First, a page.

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Sunday, December 12, 2004

Contextualizing OPS

Awhile back I had written about OPS and how it is a good back of the envelope calculation for correlating a player's production with run creation. After doing so I went on to discuss normalizing OPS against the league average (called NOPS or OPS+) and then contextualizing OPS for the home park of the player using the Batter Park Factor (BPF).

A couple days ago I received an email from Brandon Heipp who has done some fine work on the BaseRuns estimator that I cited in my article on the subject. He pointed out to me that the technique of dividing NOPS by the BPF is not as accurate as using the square root of BPF. I hadn't heard of doing this and was simply following the method used by Pete Palmer in The Hidden Game of Baseball. In looking back at the book, however, I notice that Palmer, after showing how to divide NOPS by BPF, says the following on page 87.

"To apply Batter Park Factor to any other average - On Base, slugging, Isolated Power, batting average-use the square root of the BPF. This is done so that run scoring for teams, which is best mirrored by On Base Average times slugging percentage, can be represented clearly."

In other words:

1. Since BPF is a measure of the impact of a ballpark on runs scored
2. and Batter Run Average (BRA calculated as OBA*SLUG) very closely correlates with run scoring

Then to more accurately contextualize OBA, SLUG or other components of run scoring you should divide them by the square root of BPF.

This can also be seen in the basic runs created formula RC = ((H+BB)*TB)/(AB+BB). This formula is the equivalent of OBA*SLUG*AB. If you divide this by the BPF it is equivalent to (OBA/SQRT(BPF)) * (SLUG/SQRT(BPF)) * AB. And so once again the more accurate way to apply BPF to the components of run scoring is by using the square root.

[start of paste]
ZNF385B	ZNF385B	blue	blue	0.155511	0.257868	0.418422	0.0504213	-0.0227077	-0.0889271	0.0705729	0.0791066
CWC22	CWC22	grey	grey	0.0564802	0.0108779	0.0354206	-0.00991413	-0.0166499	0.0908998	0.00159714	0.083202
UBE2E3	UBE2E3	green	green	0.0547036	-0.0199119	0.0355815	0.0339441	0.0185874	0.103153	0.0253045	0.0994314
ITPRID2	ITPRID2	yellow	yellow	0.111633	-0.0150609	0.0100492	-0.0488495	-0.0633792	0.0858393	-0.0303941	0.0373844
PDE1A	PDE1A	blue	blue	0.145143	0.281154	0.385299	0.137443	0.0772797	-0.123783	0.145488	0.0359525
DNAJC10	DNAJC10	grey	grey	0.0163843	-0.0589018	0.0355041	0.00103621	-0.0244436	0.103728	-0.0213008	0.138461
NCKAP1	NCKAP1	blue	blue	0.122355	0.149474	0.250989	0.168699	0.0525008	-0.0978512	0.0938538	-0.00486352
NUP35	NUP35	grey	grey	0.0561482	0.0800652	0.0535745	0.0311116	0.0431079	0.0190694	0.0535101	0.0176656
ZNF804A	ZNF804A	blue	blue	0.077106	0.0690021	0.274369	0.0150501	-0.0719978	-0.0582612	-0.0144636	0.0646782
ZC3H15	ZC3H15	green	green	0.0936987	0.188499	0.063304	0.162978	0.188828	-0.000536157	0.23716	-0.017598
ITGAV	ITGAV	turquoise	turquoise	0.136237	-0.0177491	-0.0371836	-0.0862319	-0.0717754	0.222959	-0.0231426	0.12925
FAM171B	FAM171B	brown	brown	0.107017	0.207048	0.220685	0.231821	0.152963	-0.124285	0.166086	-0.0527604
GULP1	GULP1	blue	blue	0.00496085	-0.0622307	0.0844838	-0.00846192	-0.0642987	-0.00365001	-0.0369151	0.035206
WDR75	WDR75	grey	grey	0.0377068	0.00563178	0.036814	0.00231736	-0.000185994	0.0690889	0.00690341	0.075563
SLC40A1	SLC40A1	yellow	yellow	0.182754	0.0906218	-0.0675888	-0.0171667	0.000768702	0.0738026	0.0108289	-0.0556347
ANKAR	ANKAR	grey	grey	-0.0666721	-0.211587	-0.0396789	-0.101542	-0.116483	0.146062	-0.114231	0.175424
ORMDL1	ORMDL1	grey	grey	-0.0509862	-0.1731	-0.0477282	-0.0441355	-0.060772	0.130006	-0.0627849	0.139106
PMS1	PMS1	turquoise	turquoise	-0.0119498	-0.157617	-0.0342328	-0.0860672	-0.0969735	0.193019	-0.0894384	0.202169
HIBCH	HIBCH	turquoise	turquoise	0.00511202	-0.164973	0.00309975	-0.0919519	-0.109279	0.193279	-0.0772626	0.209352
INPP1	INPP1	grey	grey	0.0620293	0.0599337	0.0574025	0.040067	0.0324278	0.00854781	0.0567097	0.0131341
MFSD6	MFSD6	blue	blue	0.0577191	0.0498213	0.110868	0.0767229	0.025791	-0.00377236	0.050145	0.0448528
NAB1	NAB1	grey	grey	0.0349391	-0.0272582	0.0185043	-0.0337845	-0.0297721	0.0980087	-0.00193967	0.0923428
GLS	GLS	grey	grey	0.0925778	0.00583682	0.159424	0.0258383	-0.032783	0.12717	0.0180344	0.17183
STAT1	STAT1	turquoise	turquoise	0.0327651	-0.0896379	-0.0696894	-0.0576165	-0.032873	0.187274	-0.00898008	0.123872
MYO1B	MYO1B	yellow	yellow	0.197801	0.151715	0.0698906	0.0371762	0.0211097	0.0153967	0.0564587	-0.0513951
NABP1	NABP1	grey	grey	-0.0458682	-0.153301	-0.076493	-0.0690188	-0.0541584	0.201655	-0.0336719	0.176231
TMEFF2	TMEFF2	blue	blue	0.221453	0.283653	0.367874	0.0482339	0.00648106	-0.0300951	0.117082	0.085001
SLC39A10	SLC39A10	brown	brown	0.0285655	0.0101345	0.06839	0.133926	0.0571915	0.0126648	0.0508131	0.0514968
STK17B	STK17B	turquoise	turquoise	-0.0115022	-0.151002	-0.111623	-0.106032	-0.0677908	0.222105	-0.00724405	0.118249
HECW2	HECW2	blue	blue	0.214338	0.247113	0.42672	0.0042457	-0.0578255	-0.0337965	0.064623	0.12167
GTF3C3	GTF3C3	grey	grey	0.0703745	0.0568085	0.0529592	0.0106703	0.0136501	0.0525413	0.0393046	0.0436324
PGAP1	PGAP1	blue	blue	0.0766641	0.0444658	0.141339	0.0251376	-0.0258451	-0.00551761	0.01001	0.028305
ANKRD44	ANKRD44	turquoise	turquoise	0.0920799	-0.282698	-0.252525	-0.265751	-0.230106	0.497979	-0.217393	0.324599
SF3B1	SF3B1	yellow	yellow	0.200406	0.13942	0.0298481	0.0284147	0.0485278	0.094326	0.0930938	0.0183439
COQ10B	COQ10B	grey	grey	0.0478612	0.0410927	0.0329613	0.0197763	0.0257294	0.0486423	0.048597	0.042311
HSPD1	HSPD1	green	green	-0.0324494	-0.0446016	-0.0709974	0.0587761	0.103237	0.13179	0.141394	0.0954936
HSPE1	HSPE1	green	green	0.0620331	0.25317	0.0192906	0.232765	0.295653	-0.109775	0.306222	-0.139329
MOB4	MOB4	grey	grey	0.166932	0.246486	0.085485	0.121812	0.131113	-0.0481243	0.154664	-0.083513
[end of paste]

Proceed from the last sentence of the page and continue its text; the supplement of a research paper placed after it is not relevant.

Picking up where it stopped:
OPS does not correlate as closely with run scoring as do either RC/G or BRA. Albert and Bennett in their book Curve Ball found that using OPS "the number of runs scored by a team per game can be predicted within about .15 Runs per Game for two-thirds of the teams." Although not as good as RC/G, BRA, Total Average (TA), or Batting Runs, it does correlate much more closely than the traditional stats such as OBA, SLUG, or AVG. As a result, it's probably not as important to use the square root with OPS as pure component statistics such as OBP or SLUG for example.

That said, I did recalculate the top leaders in OPS using the square root of BPF. Here they are:

2002 NL Barry Bonds SFN 1381 186 195
2001 NL Barry Bonds SFN 1379 182 191
1920 AL Babe Ruth NYA 1379 189 185
1921 AL Babe Ruth NYA 1359 179 177
1923 AL Babe Ruth NYA 1309 178 176
1941 AL Ted Williams BOS 1287 177 175
1957 AL Ted Williams BOS 1257 178 173
2003 NL Barry Bonds SFN 1278 171 172
1926 AL Babe Ruth NYA 1253 170 172
1927 AL Babe Ruth NYA 1258 168 171

These are very similar to the previous list of course but Ted Williams 1957 list now makes the grade since Williams benefited from playing in Fenway Park. Babe Ruth's 1931 season falls off. Of course Bonds' 2004 season would rank right up there but given recent events I didn't feel like calculating it.


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